Police to investigate “fish mafia”
Authorities suspect illegal releases of the fish at several locations in Norway
Police in Norway are set to open investigations into what authorities suspect to be illegal releases of pike fish at several locations in the country.
Administrator Anton Rikstad with the county administration in the central Nord-Trøndelag region called individuals suspected of carrying out the practice the “pike mafia.”
“I fear there is a gang fanatically obsessed with fishing large pike. That’s why I call them the ‘pike mafia.’ I don’t know where or who they are, but there is something suspicious about it,” Rikstad told broadcaster NRK.
The carnivorous fish has been illegally introduced into the water at a number of places in Norway, according to the report. After two such fish were caught in the Hovdalsvatnet lake—which provides drinking water for the local Frosta municipality—in mid-July, Rikstad decided to take action.
Releasing fish out of their natural habitats in this way is an illegal activity, he said.
“This incident joins the ranks of a series of illegal releases of foreign species during the last few years. That includes fish, plants, and animals. It’s illegal and we consider it to be environmental crime. It’s almost always bad for the environment,” Rikstad said.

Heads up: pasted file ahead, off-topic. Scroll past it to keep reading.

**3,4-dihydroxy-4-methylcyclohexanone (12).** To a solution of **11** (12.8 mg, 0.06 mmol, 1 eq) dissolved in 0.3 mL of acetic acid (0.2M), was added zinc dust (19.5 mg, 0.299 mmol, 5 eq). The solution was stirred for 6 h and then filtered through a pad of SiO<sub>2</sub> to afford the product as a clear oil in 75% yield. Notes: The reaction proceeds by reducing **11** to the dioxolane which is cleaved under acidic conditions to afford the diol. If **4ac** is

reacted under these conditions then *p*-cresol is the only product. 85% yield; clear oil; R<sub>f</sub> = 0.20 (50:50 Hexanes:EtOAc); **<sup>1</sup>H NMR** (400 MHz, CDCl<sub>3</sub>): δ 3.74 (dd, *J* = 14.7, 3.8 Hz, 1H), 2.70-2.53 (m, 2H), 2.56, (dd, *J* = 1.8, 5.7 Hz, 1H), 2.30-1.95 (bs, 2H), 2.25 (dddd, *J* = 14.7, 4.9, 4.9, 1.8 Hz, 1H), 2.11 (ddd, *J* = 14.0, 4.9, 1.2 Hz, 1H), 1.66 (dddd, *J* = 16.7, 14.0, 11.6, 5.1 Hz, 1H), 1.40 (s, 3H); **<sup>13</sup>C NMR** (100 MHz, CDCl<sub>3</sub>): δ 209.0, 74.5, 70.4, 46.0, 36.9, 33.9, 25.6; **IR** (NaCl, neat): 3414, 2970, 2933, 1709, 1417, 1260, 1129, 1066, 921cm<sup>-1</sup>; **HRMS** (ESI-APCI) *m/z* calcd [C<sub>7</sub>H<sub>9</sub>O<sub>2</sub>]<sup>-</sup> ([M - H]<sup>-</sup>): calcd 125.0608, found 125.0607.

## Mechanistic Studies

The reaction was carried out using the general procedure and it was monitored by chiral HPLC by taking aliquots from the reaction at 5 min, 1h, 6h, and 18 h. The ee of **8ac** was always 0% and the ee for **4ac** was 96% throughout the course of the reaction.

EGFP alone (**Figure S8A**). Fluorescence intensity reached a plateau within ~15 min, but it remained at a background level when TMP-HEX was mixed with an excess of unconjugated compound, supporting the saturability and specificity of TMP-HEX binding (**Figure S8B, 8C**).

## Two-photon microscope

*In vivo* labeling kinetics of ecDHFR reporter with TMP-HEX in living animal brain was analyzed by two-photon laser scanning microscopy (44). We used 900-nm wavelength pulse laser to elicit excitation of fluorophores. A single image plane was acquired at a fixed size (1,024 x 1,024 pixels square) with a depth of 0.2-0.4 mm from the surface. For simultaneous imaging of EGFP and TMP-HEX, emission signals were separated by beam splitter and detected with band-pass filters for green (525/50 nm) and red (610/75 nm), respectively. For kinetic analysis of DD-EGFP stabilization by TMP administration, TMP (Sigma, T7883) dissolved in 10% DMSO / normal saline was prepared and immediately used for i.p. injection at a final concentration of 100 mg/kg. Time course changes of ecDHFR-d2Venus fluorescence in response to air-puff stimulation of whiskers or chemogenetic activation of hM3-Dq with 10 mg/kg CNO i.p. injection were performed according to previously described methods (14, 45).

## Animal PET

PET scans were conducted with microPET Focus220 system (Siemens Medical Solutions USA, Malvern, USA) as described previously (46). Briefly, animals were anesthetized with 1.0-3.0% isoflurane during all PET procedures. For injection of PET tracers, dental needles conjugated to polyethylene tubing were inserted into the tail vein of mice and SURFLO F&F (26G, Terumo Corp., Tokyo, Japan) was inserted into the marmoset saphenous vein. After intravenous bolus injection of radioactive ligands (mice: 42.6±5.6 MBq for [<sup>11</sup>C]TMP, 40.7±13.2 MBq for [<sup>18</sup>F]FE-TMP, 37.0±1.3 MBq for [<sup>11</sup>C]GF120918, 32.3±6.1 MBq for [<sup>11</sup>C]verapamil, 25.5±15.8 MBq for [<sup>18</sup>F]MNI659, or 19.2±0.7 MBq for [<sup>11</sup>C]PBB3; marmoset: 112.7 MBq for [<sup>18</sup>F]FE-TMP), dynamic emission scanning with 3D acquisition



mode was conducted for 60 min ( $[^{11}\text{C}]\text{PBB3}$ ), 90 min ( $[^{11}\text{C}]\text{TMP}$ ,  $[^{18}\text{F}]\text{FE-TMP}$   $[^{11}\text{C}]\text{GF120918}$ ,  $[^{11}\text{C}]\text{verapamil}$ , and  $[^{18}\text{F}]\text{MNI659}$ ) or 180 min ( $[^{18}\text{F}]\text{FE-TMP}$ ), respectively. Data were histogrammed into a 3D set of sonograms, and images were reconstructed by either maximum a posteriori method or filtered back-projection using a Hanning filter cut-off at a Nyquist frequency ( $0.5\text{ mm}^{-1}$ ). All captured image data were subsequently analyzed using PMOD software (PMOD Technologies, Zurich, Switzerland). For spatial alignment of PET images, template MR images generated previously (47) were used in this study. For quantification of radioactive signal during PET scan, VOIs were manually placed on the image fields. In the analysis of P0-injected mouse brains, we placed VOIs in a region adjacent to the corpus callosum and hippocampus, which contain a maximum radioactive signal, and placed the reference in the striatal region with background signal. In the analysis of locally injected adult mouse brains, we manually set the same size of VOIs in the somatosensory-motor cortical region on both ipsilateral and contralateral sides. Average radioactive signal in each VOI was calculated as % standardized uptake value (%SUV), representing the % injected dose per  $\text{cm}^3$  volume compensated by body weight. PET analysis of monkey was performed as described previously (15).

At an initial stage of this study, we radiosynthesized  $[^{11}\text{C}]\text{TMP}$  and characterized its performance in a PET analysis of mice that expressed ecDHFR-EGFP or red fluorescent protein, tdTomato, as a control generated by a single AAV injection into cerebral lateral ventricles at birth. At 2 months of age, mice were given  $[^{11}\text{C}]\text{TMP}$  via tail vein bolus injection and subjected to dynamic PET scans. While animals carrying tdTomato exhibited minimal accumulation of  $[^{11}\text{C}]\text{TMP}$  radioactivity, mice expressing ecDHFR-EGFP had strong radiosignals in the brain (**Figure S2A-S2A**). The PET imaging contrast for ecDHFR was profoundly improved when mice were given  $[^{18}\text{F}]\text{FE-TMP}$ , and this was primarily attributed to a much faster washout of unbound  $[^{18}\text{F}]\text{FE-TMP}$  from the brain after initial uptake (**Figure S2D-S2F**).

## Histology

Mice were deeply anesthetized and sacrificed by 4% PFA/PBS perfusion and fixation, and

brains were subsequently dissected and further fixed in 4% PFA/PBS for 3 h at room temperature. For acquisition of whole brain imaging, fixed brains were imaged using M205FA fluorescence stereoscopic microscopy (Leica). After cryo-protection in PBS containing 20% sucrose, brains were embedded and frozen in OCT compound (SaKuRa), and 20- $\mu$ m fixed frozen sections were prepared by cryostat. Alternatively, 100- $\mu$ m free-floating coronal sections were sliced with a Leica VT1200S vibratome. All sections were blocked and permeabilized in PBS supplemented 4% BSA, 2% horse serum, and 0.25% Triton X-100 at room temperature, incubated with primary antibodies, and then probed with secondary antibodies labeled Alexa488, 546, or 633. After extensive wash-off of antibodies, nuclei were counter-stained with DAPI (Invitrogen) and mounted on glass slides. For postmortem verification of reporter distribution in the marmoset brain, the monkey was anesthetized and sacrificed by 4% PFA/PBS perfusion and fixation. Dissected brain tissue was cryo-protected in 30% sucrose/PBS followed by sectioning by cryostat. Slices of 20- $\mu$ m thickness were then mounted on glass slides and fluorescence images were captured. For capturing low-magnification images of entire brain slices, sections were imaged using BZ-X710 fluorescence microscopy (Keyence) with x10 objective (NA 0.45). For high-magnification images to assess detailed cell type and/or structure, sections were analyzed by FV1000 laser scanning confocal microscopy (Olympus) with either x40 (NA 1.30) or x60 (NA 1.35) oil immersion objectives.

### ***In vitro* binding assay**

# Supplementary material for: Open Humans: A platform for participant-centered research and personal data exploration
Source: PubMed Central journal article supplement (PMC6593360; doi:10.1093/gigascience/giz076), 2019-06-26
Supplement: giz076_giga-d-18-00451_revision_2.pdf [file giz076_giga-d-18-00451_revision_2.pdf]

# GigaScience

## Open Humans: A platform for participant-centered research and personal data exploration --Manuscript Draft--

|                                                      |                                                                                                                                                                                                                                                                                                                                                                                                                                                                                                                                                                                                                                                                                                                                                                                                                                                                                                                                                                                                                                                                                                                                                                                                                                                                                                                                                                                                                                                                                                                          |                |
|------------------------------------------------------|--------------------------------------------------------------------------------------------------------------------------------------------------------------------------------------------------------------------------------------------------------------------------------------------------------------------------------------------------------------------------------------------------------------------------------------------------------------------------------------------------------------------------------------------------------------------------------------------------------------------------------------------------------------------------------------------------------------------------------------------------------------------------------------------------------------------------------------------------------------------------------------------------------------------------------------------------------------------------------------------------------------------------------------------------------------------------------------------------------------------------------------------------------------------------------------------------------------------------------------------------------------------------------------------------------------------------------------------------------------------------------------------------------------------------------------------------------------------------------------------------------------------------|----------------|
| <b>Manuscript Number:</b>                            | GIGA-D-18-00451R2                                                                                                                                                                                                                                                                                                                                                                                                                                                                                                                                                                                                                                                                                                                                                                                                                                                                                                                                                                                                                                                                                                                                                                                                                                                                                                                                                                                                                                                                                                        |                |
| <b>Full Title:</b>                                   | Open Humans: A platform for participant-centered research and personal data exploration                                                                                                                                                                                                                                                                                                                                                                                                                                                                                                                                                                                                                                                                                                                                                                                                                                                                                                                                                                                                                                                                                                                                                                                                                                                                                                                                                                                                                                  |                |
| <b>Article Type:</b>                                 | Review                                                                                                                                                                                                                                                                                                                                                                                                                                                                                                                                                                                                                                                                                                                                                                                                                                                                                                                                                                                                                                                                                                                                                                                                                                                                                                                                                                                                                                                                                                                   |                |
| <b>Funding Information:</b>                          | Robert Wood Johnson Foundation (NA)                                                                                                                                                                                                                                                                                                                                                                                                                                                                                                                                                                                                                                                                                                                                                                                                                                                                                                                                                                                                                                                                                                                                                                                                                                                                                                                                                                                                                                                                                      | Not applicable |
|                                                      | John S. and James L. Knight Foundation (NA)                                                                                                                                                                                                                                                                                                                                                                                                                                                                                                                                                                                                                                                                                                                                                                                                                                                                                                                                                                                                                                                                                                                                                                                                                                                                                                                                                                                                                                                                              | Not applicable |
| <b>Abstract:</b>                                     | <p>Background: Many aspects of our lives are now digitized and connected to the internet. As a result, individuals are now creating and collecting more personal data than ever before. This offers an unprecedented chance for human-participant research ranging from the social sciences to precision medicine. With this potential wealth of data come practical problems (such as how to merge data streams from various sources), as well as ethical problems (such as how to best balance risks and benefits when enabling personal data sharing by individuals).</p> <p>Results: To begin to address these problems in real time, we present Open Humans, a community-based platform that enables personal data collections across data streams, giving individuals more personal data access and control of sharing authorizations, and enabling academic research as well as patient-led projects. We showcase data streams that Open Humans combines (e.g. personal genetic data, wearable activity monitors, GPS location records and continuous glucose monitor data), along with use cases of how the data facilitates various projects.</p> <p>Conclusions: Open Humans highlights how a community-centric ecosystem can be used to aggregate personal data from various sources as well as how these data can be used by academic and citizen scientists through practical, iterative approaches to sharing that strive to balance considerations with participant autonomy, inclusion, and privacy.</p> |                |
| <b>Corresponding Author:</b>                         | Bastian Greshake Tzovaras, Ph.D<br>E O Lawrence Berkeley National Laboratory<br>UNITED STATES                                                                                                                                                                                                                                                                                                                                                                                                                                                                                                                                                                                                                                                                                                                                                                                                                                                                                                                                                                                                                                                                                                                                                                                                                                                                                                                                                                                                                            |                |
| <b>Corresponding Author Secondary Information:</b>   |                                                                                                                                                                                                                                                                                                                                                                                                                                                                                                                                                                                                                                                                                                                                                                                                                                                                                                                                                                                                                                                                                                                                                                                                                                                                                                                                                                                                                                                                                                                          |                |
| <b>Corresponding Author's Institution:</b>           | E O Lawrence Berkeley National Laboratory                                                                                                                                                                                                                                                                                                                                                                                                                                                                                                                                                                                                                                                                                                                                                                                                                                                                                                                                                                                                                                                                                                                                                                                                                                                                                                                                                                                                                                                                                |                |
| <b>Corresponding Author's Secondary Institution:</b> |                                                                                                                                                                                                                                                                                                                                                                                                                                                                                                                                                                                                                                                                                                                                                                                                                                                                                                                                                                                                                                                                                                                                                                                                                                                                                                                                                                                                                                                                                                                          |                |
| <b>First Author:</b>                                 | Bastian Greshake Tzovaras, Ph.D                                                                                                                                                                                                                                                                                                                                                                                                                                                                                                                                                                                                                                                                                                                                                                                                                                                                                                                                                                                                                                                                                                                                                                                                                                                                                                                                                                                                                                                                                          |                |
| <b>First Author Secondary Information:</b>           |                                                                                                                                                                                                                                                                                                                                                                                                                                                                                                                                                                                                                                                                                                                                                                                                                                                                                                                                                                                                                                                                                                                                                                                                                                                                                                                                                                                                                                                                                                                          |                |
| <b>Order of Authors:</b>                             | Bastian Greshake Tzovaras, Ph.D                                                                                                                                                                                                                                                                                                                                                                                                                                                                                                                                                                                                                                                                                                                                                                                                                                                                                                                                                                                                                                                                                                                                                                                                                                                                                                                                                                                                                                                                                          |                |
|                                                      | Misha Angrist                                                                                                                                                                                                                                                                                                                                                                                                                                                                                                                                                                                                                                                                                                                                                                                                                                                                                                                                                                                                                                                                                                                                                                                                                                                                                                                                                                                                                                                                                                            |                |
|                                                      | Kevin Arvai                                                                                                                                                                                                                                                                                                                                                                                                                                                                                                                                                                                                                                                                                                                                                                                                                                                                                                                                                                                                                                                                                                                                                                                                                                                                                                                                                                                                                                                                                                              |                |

Pike fish have been spread around Norway for hundreds of years for food, sport, and even as an act of revenge against neighbors, according to NRK’s report.
“When pike fish were released in Steinkjer a few years ago, there were rumors about trying to create a trophy fish. It’s popular to catch large fish, but we do not like the spread of this at all,” Rikstad added.
Vidar Sunde, coordinator for nature and the environment in the Trøndelag police district, confirmed that police are taking the issue seriously and that the illegal introduction of species into new habitats can be punished by up to three years’ imprisonment.
No one has previously been convicted for an offense of this type, the police officer said.
“If the release took place a long time ago then statutory limitations also become relevant. In many cases, too much time has passed since the criminal offense took place,” he said.
This article was originally published on The Local.
It also appeared in the July 28, 2017, issue of The Norwegian American. To subscribe, visit SUBSCRIBE or call us at (206) 784-4617.